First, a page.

Monday, 12 March 2018

Sensible Prepping

Let's conclude this series of postings about prepping by summarising the themes that have emerged over the past week.

The first and most important to my mind is the notion that being prepared for a crisis that may occur is not an eccentric attitude to have. It is how the generations who lived in this country before us used to behave, and it is how many millions of people all across the planet behave to this day. The idea that things are never so bad that they can't get a bloody sight worse is a dictum that we should all take to heart and try to learn lessons from.

The second lesson is the thought that trusting the state and its agents to take over the role that for centuries was provided by robust individuals, their families and their communities is a mistake of the first order these days. The fact that a bit of snow and cold weather that lasted for about three days in late February 2018 led to a near system collapse is something that should trouble all of us. If three days led to such chaos, then imagine what three months would bring!

We have to start taking responsibility for our own well-being and stop pretending that the state or the collective incompetence of today's private businesses will do it for us. 

It is against this background that I believe that people need to make sensible preparations for future events. I have constantly used the word sensible as I honestly do not believe that even if the shit does hit the fan, then the end of civilisation will necessarily follow.

The creaking, incompetent, state machine will provide the water and rations needed to keep a population in distress alive, but it will do it badly and in its own good time. We, as rational adults have a duty to recognise that fact, and take our own precautions.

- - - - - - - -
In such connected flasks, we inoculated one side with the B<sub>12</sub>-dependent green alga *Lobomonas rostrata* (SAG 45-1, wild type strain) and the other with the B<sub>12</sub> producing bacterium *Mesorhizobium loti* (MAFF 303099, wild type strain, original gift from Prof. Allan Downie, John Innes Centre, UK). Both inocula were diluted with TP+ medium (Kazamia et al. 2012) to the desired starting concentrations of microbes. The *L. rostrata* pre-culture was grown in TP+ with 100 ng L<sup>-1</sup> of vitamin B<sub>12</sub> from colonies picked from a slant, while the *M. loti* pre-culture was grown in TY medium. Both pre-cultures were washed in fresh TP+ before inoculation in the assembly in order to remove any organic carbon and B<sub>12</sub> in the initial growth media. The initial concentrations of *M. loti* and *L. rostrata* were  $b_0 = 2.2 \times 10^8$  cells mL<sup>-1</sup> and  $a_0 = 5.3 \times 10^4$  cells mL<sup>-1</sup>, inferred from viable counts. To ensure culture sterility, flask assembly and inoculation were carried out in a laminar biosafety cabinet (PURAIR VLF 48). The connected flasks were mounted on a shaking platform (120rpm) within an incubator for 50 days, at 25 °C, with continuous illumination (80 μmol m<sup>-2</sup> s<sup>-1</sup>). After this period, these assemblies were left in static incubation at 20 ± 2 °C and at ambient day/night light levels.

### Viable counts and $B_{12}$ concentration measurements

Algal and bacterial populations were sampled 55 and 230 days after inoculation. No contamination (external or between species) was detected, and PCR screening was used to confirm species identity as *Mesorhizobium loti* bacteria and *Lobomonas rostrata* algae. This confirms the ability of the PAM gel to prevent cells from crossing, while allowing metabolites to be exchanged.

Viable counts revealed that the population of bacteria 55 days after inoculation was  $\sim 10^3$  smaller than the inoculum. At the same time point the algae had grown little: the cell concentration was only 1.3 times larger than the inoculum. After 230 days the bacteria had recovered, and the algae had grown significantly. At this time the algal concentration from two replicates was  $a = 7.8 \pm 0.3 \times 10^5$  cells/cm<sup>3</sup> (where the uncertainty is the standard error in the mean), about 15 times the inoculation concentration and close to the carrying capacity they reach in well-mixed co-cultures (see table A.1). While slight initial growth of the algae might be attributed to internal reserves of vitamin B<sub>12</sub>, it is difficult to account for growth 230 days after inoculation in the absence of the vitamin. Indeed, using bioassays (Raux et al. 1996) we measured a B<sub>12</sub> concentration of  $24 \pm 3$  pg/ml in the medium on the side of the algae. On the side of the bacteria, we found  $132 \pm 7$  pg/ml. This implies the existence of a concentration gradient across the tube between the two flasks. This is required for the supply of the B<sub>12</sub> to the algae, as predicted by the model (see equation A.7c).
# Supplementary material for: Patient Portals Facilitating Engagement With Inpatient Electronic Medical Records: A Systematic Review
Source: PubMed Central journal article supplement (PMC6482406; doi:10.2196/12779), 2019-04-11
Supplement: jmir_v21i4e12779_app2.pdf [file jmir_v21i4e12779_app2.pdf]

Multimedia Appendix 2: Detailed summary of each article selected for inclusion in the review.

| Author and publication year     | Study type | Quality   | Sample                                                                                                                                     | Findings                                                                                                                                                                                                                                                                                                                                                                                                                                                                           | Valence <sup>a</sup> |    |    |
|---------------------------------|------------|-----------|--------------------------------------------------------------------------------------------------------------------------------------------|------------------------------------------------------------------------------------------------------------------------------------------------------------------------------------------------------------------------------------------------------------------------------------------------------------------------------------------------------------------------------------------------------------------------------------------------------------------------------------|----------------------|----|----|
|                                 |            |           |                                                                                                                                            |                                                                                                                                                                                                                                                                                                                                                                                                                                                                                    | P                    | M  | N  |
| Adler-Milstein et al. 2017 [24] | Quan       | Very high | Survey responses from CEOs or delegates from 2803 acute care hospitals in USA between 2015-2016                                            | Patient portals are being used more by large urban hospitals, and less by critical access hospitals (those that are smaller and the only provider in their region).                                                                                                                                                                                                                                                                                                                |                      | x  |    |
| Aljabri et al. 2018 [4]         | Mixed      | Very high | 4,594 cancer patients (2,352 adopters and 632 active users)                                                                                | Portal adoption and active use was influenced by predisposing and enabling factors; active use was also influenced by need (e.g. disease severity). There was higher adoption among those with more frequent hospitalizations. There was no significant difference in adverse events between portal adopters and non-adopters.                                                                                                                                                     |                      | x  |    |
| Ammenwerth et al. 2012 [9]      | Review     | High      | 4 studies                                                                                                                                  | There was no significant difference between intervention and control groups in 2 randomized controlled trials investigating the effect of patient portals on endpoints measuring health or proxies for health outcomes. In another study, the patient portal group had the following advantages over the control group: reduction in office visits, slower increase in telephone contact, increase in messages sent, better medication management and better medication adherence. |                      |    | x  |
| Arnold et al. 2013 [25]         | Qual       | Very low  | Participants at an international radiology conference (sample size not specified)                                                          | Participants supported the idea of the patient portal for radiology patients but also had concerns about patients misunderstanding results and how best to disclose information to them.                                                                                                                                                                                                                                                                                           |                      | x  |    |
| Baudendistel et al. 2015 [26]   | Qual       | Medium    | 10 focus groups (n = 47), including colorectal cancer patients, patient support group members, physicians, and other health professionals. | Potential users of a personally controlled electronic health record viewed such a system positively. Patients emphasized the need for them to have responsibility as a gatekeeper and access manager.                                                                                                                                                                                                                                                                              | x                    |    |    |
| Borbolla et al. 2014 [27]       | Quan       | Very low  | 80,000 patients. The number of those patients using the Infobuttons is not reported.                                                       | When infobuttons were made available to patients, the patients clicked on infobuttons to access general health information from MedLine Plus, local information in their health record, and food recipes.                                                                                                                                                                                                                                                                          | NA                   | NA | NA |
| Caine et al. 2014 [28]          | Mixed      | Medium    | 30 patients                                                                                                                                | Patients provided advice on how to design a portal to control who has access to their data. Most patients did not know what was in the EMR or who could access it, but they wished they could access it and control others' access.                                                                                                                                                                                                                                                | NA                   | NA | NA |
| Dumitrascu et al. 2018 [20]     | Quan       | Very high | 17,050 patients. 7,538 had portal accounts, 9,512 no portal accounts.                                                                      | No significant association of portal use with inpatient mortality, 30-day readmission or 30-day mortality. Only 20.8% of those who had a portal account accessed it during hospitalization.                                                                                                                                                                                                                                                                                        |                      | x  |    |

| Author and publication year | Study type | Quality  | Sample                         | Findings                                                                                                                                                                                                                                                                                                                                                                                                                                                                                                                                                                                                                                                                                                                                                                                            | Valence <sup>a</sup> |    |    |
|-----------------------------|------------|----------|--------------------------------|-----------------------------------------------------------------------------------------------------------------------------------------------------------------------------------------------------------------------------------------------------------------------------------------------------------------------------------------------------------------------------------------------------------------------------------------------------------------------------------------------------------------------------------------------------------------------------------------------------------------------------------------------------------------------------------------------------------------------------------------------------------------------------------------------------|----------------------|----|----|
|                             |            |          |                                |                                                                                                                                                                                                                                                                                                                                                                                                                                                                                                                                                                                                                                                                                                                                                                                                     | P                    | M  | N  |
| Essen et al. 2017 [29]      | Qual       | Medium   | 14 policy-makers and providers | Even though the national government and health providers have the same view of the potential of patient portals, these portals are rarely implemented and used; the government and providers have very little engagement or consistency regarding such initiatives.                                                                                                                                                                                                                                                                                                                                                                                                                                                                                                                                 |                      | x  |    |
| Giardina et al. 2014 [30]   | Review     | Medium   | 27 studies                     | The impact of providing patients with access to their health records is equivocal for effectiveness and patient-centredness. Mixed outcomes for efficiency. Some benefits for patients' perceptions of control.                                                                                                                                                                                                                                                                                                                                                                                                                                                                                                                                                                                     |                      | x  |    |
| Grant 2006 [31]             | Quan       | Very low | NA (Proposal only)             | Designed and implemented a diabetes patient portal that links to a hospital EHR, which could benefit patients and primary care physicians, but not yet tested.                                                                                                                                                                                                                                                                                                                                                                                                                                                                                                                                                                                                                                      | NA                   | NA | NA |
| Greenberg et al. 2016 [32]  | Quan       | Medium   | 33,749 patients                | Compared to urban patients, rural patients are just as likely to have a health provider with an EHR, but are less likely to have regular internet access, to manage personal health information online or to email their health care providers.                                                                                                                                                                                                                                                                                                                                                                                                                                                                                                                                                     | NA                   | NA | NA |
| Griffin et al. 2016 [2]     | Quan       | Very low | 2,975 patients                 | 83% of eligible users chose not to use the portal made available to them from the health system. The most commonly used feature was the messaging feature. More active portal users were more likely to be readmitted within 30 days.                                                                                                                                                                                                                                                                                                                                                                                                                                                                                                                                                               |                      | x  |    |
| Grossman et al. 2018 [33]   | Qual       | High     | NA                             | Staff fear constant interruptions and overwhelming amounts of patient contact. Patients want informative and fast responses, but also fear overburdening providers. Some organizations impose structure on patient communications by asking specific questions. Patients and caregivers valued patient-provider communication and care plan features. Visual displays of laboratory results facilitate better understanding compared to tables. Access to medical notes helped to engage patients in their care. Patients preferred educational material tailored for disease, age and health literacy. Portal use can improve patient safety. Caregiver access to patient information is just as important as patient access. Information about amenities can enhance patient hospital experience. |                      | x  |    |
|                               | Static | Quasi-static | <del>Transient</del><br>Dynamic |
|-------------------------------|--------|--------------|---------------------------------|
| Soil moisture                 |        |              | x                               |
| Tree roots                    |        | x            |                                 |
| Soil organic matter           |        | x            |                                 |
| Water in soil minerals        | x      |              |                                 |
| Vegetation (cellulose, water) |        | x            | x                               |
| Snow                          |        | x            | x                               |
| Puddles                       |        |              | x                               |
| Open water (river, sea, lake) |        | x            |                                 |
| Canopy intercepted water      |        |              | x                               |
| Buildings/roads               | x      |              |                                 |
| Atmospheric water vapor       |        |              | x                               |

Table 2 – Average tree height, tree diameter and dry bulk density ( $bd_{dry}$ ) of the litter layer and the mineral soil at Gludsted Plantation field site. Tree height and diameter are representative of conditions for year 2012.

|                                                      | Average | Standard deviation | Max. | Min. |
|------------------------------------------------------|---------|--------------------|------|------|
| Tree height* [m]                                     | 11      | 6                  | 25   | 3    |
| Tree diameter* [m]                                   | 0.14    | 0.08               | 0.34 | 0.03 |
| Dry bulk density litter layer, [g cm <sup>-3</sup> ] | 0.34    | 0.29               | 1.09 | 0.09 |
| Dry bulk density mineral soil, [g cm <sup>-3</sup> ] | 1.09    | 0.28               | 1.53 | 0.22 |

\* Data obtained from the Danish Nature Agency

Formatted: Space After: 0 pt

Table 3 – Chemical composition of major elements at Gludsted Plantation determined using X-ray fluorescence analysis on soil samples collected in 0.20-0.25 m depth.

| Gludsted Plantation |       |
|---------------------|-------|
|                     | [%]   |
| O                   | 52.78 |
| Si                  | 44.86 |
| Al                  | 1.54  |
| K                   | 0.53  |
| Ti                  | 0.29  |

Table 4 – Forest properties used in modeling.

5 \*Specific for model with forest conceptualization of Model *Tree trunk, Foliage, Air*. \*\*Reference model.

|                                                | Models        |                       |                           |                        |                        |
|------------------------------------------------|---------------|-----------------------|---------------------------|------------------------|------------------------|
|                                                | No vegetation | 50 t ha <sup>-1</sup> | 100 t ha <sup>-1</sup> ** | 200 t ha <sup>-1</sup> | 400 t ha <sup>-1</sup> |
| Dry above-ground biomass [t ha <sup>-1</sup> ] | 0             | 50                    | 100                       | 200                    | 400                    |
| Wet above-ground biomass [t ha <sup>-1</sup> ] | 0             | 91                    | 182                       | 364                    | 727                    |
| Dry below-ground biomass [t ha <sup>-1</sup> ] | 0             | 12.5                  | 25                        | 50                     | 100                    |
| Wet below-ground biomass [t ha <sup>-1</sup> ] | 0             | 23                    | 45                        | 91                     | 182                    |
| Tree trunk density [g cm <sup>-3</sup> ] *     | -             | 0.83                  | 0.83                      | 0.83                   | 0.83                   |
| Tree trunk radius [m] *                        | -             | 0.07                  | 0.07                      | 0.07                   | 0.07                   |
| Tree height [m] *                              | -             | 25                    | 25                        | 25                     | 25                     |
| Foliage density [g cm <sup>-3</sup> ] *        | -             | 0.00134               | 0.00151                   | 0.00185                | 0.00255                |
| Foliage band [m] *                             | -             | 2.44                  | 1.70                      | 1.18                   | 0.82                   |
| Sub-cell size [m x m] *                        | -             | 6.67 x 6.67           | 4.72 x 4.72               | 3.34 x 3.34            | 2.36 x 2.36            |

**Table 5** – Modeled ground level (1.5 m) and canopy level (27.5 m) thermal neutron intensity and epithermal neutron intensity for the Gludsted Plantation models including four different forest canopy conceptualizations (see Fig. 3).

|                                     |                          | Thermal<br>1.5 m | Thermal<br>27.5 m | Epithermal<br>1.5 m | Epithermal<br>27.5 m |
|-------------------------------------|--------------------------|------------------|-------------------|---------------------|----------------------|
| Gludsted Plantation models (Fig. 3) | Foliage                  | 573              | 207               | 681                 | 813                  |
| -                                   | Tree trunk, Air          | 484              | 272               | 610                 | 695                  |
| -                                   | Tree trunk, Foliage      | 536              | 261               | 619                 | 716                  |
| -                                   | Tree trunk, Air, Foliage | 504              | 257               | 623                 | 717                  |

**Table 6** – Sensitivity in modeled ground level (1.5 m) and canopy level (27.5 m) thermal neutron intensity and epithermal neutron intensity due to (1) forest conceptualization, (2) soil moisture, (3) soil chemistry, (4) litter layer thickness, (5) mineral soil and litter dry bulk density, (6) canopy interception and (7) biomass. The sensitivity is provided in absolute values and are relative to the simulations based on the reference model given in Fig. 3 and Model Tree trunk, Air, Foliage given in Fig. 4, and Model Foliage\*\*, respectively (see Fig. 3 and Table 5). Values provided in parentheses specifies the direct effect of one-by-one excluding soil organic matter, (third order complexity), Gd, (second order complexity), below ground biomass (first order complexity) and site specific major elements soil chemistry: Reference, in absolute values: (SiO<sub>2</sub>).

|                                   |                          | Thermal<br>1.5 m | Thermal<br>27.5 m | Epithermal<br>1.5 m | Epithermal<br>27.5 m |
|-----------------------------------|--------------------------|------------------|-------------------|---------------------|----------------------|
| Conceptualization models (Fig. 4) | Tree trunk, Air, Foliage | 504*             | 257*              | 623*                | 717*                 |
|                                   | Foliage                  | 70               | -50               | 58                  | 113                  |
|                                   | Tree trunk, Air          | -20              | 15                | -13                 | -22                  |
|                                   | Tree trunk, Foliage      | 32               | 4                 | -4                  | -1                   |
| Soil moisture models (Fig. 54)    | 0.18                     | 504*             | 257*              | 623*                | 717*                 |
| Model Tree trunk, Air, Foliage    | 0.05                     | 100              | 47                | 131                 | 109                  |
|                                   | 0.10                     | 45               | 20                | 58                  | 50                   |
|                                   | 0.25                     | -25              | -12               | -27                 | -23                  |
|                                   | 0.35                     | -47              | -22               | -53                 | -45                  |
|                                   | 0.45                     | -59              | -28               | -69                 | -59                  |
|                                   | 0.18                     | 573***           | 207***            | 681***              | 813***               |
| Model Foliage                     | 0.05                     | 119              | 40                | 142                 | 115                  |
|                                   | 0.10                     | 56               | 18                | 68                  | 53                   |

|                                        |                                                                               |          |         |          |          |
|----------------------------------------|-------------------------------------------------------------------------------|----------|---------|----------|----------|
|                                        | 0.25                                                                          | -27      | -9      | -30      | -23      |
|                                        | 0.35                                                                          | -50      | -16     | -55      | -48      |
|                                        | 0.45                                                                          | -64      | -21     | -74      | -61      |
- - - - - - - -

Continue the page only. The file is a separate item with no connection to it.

I have advised people to keep a stock of cash on hand at all times. That can be in the bank, but in an account that can be accessed at a moment's notice. People who worry about the long-term stability of sterling might wish to keep some of their savings in American dollars since the greenback is today the world's reserve currency.

Supplies of food and water should be kept in the house, with thirty days worth being my suggestion for food. I argued that some supplies would get through, anyway, so your stocks are a supplement to that, not a total replacement.

Those of you who work may think about leaving a bag at work with some basic supplies in it such as a change of clothes, sturdy walking shoes and some food bars. Motorists should never let their car's petrol tank fall below half-full and I suggest that they keep a bag or box in the boot with a blanket, water bottle and supply of cereal bars in it. Finally, learn to keep at least some cash in your wallet or purse as a matter of course. Stop relying on plastic at all times and remember my newly minted dictum that cash is king and plastic is only for plonkers. 

Finally, be sensible about all this and don't go overboard about anything. I reckon that the most that I have spent for items that were bought just to put into storage comes to roughly £100. That includes my solid fuel stove, a gas camping stove and camping heater, some gas canisters for them both, a large water container, a camping shower, a rechargeable lantern and some candles.

The rest is food that was not purchased especially for storage, it is just canned versions of the things that I eat on a regular basis. I built up the stockpile by buying a few extra cans every week until I had my complete stash and now I take items from that stash and then buy replacements as part of my weekly shopping. 

So I hope to get by, and I hope you do as well. At the end of the day that is just about all that any of us can hope to do.

Good luck to you all.

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